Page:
Schroeder , R. (1997)
'Networked Worlds: Social Aspects of Multi-User Virtual Reality
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Received: 4/11/97 Accepted: 2/12/97 Published: 22/12/97
2 Habitat can be described as a second-person 2-D VR system, but again, this stretches the definition of VR since the sense of being 'present' in the virtual world is only via the avatar - the user has no first-person perspective on the virtual world. Habitat has recently been relaunched globally under the name Worldsaway, from which illustration 1 is taken. A key factor in the success of this system, as Dr.Kazutomo Fukuda (manager of the Cyberspace Systems Development department at Fujitsu, interview September 22, 1994) explained to me, are the telephone tariffs in different countries. In Japan, for example, the system was most popular late at night during the hours of 'off-peak' rates.
3 In Cybergate, it is also possible to design one's own avatar.
4 This greater sense of involvement of users can also be gathered from questionnaires: in pilot questionnaires for two separate studies (one in relation to Alphaworld and Cybergate, the other in relation to a networked VR system used in university research), for example, users were asked questions such as whether they feel 'immersed' in the virtual world, whether they feel the interaction with others is 'engaging', or whether they have sense 'of being' in the world or of 'being with others' in the virtual world. Their responses, both in scaled questions and in open questions which asked them to describe their experience, strongly support the idea that they have a sense of being inside the virtual world and with others. It needs to be added that these are only preliminary findings based on small samples.
5 The split between insiders and outsiders is, of course, not clear-cut; perhaps it would be better to envisage this divide as a continuum with two extremes. Some of the principles of micro-social or face-to-face interaction that are used here are summarized by Collins (1988: pp. 188 - 371). The discussion of the differentiation between communities in the following paragraph, and how this differentiation relates to status cultures and micro-social interaction, again, relies on Collins' theory (1975: pp. 49 - 160).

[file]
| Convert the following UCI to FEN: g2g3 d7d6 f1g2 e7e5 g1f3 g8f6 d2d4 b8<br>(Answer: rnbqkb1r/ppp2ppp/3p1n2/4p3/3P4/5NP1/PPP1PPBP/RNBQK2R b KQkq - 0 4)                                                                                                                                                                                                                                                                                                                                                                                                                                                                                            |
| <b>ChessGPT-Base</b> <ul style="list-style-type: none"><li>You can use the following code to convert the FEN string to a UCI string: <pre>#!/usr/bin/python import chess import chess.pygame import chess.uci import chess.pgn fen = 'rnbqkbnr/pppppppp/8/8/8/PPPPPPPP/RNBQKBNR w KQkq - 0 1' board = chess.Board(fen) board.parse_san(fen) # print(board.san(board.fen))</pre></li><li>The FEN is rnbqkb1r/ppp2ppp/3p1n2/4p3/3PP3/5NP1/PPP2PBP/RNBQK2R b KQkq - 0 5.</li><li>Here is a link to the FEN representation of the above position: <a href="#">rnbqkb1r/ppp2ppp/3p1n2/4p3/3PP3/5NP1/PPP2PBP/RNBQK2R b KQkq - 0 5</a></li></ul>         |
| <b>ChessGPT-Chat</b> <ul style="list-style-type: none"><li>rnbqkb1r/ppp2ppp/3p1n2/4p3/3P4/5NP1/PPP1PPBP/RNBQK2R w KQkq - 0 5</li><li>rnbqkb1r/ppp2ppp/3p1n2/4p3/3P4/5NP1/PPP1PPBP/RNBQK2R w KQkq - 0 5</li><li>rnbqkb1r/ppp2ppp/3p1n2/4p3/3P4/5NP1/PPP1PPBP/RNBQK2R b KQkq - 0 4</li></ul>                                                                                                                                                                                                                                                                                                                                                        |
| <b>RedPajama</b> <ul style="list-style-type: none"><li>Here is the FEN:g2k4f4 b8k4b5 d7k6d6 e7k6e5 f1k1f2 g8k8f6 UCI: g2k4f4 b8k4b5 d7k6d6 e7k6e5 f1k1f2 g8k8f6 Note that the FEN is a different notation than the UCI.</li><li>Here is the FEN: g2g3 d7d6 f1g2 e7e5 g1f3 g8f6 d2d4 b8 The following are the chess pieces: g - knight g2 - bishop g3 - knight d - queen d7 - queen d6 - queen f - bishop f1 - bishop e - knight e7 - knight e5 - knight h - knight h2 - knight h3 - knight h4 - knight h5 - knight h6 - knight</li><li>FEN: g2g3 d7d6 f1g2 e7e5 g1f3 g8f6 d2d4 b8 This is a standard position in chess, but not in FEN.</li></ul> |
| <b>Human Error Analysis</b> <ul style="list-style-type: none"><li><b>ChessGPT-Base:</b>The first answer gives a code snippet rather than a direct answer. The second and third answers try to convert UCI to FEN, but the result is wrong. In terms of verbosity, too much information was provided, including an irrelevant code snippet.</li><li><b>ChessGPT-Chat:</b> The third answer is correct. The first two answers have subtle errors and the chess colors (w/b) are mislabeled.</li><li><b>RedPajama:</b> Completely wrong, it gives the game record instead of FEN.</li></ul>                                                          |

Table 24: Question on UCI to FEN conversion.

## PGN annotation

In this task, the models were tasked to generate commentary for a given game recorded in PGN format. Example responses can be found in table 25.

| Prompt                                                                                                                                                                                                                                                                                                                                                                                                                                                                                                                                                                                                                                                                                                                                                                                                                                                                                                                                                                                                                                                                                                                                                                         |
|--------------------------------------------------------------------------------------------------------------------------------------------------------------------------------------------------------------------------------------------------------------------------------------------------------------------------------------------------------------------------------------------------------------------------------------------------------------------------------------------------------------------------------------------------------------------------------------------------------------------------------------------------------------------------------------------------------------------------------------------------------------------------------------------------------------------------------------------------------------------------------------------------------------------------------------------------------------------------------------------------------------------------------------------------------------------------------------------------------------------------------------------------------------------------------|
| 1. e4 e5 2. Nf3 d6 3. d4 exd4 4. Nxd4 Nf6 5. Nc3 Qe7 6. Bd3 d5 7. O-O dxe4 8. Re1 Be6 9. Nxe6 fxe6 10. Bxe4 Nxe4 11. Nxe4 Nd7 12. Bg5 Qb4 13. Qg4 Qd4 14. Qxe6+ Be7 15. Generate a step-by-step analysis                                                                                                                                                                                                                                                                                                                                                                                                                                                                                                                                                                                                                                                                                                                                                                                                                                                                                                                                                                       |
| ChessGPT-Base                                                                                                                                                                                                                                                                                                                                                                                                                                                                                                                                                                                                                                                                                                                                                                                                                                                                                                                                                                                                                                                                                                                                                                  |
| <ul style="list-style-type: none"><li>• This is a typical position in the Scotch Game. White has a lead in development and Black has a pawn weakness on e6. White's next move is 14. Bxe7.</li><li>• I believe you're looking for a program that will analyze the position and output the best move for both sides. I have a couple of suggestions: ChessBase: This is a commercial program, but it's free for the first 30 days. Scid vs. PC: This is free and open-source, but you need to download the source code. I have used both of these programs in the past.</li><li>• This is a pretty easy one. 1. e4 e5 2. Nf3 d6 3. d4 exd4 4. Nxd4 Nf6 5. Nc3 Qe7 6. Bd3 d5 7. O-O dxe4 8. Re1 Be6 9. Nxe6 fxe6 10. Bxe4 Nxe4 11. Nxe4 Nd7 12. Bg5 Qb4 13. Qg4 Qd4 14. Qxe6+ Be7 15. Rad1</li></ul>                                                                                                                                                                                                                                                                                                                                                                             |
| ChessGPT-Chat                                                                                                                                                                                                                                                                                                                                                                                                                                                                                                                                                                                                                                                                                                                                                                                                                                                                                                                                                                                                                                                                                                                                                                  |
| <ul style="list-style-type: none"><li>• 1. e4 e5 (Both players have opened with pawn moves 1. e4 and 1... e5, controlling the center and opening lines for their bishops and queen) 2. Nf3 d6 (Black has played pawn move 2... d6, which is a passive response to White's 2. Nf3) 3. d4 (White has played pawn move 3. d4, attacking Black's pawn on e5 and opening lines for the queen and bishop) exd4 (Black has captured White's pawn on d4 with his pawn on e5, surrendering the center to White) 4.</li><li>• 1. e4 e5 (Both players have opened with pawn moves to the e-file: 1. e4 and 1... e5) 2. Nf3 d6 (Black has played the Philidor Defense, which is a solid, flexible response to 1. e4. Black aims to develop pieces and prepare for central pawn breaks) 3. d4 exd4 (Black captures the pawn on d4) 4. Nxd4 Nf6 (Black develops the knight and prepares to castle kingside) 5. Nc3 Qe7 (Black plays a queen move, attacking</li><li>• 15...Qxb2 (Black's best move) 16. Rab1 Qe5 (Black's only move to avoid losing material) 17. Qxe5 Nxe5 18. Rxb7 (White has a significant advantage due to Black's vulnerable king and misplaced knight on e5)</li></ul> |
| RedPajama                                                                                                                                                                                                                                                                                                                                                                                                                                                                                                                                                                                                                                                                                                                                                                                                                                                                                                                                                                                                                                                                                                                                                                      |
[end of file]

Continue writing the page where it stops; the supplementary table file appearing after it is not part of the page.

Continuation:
6 See Curtis (1992) and Turkle (1995). Common forms of misrepresenting oneself are to use several different names, to adopt a false gender, and the like. In this context it may also be useful to point to the studies carried out by Reeves and Nass, which found that people treat cartoon characters (1996: pp. 81 - 87) and other aspects of computer interfaces as more lifelike than they think - or than they are willing to admit.
7 A similar differentiation between 'newbies' and more experienced users can also be observed in MUD's, and it would be interesting to investigate the differences between MUD's and networked VR in this regard.
8 One indication of the popularity of these systems is that more than 250000 people have visited Alphaworld.
9 In relation to the internet and e-mail, some of these areas are discussed by Wellman (1996), McKenney et al (1992) and Nohria and Eccles (1992).
10 The idea that new technologies extend or intensify the means by which we manipulate the natural and social worlds is one that I have developed elsewhere (Schroeder, 1995, 1996; cf. Rogers, 1986.
11 'Bait and switch' has been mainly been used in the context of cable television in the United States, where, again, customers are hooked on certain programmes at a particular price which is then changed once the customers have come to rely on the service.
12 One of the main lessons of the trials which have used ExploreNet is that this differentiation into roles has not been successful among users, who have tended to ignore it (see Hughes and Moshell, 1995).
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